Wastewater project launched with the goal of creating a low-cost wastewater treatment system
About two thirds of the world’s population could be living under water-stressed conditions by 2025, according to the United Nations. This pressure on the quantity and quality of an area’s water resources could affect many aspects of life, according to Phys.org. This may lead to higher rates of illness and food and energy shortages.
The EU REMEB (Eco-Friendly Ceramic Membrane Bioreactor based on recycled agricultural and industrial wastes for wastewater reuse) project was launched with the goal of creating a low-cost wastewater treatment system. According to Phys.org, the project developed and validated a novel membrane bioreactor (MBR) that uses ceramic membranes made from recycled materials.
According to Phys.org, the conventional ceramic membranes are costly because of materials like alumina, zirconia and titania oxide used to manufacture them. A popular alternative due to its lower cost is polymeric membrane. While it may be cheaper, the membranes do not work as well in extreme atmospheres and have a short life cycle.
The solution to this problem is recycled ceramic membranes, according to REMEB. They have filtration properties comparable with high-end ceramic counterparts on the market. According to Phys.org, the membranes are made from wastes from the ceramic and marble industries and from olive oil production. The wastes also help to reduce landfill waste volumes, promoting a circular economy.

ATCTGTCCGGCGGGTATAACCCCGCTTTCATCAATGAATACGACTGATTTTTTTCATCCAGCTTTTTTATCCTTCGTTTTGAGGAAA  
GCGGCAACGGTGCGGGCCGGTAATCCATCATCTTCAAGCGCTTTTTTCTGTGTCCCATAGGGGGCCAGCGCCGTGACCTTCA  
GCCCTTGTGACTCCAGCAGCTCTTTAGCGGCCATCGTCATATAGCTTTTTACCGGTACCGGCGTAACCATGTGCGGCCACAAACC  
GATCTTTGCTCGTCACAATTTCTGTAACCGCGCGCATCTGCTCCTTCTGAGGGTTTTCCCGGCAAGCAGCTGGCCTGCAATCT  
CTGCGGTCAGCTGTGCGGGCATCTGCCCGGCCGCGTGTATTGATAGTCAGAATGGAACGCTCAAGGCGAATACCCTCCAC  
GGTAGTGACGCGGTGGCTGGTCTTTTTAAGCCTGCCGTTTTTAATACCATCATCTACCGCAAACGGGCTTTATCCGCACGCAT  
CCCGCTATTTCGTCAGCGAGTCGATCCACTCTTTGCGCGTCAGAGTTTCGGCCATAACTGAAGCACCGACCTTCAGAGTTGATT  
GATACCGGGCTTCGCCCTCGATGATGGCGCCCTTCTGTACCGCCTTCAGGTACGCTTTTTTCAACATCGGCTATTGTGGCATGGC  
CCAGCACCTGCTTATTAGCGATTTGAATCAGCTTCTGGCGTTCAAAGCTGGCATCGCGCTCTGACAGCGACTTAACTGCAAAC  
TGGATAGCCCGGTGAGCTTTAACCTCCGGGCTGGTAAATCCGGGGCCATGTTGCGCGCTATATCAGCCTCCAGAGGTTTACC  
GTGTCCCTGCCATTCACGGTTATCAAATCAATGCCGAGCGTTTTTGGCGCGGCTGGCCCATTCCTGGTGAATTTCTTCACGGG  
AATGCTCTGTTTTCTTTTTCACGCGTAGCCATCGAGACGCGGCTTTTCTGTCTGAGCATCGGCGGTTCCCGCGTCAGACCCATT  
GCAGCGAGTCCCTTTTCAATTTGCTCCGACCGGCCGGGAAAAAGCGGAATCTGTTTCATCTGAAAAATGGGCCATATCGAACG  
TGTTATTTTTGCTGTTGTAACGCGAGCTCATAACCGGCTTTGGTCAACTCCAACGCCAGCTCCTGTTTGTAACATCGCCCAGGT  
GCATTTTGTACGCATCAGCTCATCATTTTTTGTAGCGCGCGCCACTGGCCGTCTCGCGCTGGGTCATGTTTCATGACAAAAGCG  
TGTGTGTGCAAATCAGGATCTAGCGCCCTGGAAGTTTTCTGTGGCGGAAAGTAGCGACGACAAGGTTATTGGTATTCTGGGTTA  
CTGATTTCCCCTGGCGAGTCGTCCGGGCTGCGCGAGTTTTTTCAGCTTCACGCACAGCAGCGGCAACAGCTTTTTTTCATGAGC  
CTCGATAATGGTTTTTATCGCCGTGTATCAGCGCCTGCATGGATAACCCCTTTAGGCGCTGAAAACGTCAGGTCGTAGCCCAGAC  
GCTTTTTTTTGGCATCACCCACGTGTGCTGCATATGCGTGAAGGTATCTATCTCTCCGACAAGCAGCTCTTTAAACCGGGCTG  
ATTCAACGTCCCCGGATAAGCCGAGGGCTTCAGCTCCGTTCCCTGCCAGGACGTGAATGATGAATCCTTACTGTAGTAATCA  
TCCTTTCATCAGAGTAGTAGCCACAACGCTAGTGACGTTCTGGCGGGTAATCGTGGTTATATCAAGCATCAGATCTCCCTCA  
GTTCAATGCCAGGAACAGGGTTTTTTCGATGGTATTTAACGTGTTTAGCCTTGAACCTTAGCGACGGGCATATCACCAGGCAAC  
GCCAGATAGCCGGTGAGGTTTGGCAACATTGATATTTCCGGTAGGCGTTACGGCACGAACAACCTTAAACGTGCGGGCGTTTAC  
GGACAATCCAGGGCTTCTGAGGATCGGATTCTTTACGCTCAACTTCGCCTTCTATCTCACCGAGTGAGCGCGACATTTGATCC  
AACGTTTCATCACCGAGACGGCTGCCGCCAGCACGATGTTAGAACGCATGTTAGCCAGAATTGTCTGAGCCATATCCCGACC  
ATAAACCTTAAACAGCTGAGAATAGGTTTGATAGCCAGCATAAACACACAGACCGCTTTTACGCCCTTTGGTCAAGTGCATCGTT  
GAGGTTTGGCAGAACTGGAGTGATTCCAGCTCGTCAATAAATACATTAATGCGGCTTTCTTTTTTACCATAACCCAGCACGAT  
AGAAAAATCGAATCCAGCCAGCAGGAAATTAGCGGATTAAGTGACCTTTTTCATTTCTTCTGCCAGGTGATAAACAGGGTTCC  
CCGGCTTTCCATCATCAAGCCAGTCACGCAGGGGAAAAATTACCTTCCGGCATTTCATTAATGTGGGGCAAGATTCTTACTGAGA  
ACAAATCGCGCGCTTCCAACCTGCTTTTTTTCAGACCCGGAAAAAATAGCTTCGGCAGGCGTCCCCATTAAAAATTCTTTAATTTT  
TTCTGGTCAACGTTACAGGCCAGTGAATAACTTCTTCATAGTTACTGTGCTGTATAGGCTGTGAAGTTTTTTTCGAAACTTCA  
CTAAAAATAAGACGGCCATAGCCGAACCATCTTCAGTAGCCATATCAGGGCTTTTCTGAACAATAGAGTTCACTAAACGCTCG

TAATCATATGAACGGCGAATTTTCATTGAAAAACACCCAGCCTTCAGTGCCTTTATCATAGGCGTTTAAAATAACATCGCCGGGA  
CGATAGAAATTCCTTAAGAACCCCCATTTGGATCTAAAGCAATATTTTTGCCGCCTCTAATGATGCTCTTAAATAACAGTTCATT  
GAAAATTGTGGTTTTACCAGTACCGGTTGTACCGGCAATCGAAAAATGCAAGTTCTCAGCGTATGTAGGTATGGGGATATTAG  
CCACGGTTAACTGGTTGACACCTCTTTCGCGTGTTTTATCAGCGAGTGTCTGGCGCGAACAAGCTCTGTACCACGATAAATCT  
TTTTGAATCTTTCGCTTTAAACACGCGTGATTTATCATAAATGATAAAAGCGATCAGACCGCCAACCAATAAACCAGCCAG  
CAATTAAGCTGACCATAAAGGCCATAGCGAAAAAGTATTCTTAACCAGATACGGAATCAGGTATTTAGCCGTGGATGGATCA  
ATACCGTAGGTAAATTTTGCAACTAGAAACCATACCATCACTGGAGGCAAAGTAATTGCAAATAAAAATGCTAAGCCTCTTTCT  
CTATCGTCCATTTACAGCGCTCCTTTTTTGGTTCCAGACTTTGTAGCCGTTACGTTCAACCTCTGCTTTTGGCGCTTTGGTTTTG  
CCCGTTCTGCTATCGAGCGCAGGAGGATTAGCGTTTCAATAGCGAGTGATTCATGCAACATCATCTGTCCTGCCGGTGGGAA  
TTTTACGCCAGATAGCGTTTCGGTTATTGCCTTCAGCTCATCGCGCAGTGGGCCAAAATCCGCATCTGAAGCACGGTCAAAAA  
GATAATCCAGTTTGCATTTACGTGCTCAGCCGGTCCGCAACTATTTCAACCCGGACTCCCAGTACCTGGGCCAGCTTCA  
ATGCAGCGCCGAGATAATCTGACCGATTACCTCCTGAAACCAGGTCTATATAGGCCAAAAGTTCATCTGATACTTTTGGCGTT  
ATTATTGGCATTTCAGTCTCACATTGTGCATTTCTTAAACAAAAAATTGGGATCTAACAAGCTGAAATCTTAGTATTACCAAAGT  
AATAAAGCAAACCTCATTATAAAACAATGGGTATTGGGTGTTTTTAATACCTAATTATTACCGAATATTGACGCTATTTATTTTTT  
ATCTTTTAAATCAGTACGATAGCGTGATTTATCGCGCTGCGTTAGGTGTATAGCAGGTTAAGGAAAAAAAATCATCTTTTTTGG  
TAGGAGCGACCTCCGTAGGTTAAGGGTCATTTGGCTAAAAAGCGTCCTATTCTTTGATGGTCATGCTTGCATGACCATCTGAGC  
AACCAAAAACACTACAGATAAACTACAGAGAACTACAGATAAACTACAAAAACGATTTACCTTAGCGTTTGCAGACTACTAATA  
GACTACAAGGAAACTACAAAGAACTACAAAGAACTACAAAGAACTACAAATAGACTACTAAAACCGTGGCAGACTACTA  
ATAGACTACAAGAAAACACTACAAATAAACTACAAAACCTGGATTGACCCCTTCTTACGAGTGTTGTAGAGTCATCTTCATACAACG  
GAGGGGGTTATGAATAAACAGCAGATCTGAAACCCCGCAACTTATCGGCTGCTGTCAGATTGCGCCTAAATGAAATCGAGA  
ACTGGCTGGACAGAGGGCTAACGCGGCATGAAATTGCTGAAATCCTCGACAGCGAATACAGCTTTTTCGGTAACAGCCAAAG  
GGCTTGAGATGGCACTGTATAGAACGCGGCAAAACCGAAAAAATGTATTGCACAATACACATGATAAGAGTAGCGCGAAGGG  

There are four modules in each MBR. According to Phys.org, each module is 10 m2 in area and comprises 50 membranes. It combines membrane technology with a biological wastewater treatment process. Membranes act as barriers between the biomass and treated water.
The ceramic membranes were made at a ceramic tile company from Spain, according to Phys.org. The technology has been replicated in Italy and Turkey by using waste resources like coffee, hazelnuts, dolomite and shells.
The MBR was tested in a municipal wastewater treatment plant in Aledo, Murcia. The area's treated water is used for agricultural activities, according the project website. Other applications for the technology include garden irrigation and street cleansing. According to Phys.org, the project's technicians will continue their research in order to fully optimize the system and facilitate market uptake.